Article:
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Waggle v. Woodland Hills Association, Inc.

Commonwealth Court of Pennsylvania

July 10, 2019

Kevin M. Waggle and Linda Ann Waggle and Salvatore Russo as trustee
v.
Woodland Hills Association, Inc. Appeal of: Kevin M. Waggle and Linda Ann Waggle

          Submitted: April 11, 2019

          BEFORE: HONORABLE MARY HANNAH LEAVITT, President Judge HONORABLE MICHAEL H. WOJCIK, Judge (P.) HONORABLE CHRISTINE FIZZANO CANNON, Judge

          OPINION

          MARY HANNAH LEAVITT, President Judge

         Kevin M. and Linda Ann Waggle (collectively, Waggles) appeal an order of the Court of Common Pleas of Wayne County (trial court) granting Woodland Hills Association, Inc.'s (Association) request for a clarification of the parties' Settlement Agreement and holding the Waggles in contempt of court. The trial court held that the Settlement Agreement required the Waggles to share in the cost for capital improvements to common areas in a planned community and for liability insurance on a shared boat dock. On appeal, the Waggles argue that the trial court erred in its construction of the Settlement Agreement. They further contend that the trial court's interpretation of the Settlement Agreement effected an unauthorized modification of the agreement. For the reasons to follow, we affirm the trial court.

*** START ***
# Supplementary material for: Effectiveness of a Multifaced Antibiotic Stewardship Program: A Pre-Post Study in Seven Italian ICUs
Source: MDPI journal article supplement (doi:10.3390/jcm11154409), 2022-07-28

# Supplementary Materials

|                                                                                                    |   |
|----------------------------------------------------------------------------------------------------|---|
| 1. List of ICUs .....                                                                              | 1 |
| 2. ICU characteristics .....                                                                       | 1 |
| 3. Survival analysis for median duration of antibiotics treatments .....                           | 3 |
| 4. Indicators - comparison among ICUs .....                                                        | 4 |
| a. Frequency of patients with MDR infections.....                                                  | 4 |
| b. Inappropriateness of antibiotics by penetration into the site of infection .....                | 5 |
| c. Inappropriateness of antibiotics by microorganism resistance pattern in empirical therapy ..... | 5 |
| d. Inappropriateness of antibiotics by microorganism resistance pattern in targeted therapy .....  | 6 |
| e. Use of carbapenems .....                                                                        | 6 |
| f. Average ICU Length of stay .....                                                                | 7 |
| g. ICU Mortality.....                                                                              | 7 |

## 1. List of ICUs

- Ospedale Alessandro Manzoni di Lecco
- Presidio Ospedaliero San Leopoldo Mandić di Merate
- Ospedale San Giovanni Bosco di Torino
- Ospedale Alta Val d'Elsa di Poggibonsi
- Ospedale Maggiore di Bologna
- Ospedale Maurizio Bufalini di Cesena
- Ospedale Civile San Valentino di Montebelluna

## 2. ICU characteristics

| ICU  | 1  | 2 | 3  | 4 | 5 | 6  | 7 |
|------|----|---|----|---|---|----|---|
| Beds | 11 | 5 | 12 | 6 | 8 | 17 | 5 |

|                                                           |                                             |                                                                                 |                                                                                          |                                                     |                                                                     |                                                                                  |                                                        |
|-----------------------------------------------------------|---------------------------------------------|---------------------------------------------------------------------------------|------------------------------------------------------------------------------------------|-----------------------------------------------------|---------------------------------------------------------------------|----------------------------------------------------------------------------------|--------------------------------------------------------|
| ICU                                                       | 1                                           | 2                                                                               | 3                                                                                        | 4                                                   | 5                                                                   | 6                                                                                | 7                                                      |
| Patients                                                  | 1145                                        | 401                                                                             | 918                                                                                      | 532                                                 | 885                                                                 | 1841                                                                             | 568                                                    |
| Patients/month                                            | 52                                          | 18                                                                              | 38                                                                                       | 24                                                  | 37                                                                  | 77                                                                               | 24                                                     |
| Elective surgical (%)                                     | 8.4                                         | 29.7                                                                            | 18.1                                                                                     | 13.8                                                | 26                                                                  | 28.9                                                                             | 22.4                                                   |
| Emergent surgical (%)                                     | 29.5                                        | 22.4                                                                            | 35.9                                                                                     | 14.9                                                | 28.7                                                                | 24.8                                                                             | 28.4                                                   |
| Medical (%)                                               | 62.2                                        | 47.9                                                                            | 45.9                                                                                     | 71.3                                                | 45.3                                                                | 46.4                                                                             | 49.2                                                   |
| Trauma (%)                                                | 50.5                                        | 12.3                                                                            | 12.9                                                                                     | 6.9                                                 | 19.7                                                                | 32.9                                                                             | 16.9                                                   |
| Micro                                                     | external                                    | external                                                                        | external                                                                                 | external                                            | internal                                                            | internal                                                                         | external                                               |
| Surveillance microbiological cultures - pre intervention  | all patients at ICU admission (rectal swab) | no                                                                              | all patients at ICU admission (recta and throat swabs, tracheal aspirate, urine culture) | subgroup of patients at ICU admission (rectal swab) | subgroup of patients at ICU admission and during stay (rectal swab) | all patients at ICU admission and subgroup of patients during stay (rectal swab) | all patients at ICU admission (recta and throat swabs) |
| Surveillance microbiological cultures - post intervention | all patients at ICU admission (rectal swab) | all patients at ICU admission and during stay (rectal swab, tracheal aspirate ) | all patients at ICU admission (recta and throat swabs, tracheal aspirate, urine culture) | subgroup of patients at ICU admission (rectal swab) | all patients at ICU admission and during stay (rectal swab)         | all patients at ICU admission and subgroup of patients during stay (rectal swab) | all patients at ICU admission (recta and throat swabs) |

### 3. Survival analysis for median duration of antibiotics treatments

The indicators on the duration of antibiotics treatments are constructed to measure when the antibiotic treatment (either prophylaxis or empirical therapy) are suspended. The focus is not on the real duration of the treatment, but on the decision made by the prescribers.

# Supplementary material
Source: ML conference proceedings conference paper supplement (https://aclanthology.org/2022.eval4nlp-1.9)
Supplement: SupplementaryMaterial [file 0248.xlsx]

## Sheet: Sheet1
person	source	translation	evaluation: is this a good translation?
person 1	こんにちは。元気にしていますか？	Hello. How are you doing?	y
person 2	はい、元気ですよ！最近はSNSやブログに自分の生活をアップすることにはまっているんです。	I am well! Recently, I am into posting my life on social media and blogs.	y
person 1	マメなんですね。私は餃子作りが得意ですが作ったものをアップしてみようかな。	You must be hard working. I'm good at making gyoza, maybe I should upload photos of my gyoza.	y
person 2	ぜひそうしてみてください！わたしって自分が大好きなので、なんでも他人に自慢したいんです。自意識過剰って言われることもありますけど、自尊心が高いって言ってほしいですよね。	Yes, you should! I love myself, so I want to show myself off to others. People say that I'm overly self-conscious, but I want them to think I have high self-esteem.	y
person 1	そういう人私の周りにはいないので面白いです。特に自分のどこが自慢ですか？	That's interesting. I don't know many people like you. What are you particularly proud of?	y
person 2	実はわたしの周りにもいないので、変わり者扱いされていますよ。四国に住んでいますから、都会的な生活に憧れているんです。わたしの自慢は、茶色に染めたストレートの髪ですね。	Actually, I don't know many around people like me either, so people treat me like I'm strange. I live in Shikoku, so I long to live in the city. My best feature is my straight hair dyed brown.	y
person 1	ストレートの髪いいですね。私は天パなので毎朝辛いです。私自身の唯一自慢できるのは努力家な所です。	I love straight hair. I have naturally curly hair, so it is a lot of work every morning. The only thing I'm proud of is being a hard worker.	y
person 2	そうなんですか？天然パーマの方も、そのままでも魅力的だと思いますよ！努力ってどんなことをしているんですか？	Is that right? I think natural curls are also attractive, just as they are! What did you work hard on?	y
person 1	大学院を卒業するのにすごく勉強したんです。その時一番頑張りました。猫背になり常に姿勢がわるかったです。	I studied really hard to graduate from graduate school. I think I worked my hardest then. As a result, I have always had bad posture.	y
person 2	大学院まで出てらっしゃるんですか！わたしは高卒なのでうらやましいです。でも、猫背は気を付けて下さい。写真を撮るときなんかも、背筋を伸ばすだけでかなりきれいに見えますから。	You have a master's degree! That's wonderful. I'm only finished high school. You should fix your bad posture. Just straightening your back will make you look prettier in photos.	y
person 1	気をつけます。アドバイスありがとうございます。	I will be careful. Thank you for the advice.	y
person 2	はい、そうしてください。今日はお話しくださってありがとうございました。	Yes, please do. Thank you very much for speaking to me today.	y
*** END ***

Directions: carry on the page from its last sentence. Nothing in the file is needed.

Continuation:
Background

         Woodland Hills is a planned community located on Lake Wallenpaupack in Wayne County, Pennsylvania. The Association maintains the Woodland Hills common areas, including the roads and boat docks, and imposes fees upon residents to fund this work.

         In 2005, the Waggles purchased a slip at Woodland Hills' boat dock. In 2008, a dispute arose between the Waggles and the Association about whether the Waggles were members of the Association or entitled to own a slip at the boat dock. In 2009, the Waggles filed a declaratory judgment action to establish that they were not members of the Association and did not need to be in order to own a boat slip.[1]In 2013, the parties resolved their dispute with a Settlement Agreement that, inter alia, established that the Waggles, albeit not members of the Association, were entitled to keep their boat slip and to vote on discrete issues. In return, they had to pay a proportionate share of the costs related to common areas, the boat docks, and the community's water system. Reproduced Record at 28a-49a (R.R. __).[2] On October 22, 2013, the trial court entered an order approving the Settlement Agreement.

         In May 2015, the Waggles filed a petition for contempt against the Association. The petition alleged that the Association had failed to provide liability insurance on their boat slip in accordance with the Settlement Agreement and had not correctly calculated their 2015 Association and dock fees.